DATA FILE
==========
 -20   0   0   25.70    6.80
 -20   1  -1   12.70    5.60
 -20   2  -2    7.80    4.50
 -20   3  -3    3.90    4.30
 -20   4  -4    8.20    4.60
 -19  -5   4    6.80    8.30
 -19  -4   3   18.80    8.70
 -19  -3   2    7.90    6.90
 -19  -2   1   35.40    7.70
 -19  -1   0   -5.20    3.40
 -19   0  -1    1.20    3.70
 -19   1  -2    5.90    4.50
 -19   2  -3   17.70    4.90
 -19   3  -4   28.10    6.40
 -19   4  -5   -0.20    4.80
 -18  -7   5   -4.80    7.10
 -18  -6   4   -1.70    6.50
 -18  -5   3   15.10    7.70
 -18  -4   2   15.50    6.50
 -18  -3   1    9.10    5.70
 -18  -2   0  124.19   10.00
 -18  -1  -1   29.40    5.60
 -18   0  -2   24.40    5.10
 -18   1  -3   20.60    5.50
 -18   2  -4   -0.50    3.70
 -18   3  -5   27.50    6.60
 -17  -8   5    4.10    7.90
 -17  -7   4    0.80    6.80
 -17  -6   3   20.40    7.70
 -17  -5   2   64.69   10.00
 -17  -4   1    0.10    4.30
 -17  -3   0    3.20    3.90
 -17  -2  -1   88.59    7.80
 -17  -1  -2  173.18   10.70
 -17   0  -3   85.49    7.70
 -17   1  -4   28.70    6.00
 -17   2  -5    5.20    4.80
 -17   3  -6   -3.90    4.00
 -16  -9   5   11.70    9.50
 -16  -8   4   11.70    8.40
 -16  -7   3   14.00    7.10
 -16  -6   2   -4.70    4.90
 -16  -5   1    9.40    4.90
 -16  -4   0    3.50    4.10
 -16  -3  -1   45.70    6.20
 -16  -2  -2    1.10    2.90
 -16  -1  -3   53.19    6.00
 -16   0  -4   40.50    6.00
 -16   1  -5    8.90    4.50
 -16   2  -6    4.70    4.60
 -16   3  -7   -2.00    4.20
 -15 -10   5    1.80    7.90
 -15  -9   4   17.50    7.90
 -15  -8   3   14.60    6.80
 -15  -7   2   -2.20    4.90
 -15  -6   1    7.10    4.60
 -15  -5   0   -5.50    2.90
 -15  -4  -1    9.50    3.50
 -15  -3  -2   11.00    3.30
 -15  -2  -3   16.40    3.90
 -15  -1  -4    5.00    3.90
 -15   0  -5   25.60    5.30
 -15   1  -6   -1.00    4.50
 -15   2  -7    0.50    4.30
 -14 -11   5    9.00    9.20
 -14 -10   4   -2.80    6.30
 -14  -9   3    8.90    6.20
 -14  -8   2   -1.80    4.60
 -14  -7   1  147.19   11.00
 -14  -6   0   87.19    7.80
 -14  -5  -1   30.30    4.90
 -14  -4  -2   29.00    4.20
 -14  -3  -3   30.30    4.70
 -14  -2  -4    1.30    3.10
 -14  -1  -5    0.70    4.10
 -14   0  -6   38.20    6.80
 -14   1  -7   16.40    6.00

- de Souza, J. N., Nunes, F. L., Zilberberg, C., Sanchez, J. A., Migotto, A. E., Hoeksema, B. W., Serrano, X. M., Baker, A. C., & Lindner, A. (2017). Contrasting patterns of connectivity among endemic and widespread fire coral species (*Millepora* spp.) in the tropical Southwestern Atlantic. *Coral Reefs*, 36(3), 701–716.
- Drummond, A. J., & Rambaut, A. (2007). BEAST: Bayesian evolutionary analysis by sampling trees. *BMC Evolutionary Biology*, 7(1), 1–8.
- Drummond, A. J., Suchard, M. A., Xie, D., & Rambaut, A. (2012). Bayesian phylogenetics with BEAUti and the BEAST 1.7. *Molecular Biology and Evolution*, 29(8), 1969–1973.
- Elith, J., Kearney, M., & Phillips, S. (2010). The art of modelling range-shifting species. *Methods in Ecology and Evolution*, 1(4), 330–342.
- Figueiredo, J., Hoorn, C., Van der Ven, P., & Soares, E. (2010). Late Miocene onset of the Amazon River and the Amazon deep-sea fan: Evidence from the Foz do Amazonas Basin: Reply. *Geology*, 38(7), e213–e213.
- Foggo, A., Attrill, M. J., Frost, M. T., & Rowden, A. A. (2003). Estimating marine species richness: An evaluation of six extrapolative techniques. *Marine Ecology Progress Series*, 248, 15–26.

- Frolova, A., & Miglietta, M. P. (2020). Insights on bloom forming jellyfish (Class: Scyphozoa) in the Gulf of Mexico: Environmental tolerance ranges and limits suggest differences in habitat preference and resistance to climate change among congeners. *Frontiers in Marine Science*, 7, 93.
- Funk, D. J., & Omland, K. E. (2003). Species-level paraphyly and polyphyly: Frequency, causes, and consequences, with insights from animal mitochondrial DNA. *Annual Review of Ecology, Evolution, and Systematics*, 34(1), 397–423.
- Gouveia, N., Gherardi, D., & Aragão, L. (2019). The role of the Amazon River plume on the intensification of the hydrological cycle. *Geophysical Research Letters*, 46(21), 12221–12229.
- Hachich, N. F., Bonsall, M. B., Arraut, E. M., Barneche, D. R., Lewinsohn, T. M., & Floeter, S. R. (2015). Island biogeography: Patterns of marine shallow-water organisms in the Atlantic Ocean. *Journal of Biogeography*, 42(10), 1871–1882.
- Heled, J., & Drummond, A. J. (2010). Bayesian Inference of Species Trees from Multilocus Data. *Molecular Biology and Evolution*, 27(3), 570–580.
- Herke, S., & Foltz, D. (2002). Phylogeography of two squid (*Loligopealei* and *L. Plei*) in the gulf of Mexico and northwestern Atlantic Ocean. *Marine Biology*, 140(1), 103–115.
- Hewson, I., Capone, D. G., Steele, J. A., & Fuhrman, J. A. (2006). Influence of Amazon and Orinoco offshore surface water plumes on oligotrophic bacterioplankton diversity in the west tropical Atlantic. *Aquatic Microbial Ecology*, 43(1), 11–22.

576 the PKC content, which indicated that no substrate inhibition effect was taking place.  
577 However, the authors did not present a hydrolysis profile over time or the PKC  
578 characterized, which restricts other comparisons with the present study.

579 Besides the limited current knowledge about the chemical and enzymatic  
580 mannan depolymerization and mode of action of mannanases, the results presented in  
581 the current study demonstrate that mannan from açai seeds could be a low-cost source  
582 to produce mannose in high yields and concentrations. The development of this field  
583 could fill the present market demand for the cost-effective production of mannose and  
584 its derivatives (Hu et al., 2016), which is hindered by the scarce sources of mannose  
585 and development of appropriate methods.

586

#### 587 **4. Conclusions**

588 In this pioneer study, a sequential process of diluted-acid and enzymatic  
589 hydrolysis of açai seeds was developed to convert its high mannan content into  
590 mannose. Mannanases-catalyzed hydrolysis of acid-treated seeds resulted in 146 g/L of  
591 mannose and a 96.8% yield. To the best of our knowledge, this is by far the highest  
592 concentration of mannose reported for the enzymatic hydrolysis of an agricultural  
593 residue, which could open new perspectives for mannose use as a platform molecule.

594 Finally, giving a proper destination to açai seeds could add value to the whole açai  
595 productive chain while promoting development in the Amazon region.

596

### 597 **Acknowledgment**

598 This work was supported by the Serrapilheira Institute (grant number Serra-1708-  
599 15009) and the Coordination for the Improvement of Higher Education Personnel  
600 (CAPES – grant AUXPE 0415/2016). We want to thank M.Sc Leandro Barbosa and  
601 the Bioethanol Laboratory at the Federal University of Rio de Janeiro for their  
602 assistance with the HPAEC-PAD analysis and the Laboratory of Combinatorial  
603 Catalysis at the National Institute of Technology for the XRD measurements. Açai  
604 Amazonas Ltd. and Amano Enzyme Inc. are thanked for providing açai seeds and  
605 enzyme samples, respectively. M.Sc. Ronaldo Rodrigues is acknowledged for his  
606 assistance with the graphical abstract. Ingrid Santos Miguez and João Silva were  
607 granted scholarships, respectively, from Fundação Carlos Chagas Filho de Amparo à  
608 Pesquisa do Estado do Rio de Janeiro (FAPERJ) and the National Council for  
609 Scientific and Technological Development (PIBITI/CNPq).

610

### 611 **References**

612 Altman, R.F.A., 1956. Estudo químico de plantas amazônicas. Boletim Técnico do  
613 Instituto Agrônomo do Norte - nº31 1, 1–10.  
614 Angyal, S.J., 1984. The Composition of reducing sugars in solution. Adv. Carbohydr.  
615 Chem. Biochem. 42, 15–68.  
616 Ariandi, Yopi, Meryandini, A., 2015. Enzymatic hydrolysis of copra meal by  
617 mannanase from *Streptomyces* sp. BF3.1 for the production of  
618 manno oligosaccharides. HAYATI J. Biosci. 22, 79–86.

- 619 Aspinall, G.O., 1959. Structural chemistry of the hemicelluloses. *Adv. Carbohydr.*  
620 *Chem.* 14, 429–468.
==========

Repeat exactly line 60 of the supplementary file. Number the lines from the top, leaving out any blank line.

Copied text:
 -15  -2  -3   16.40    3.90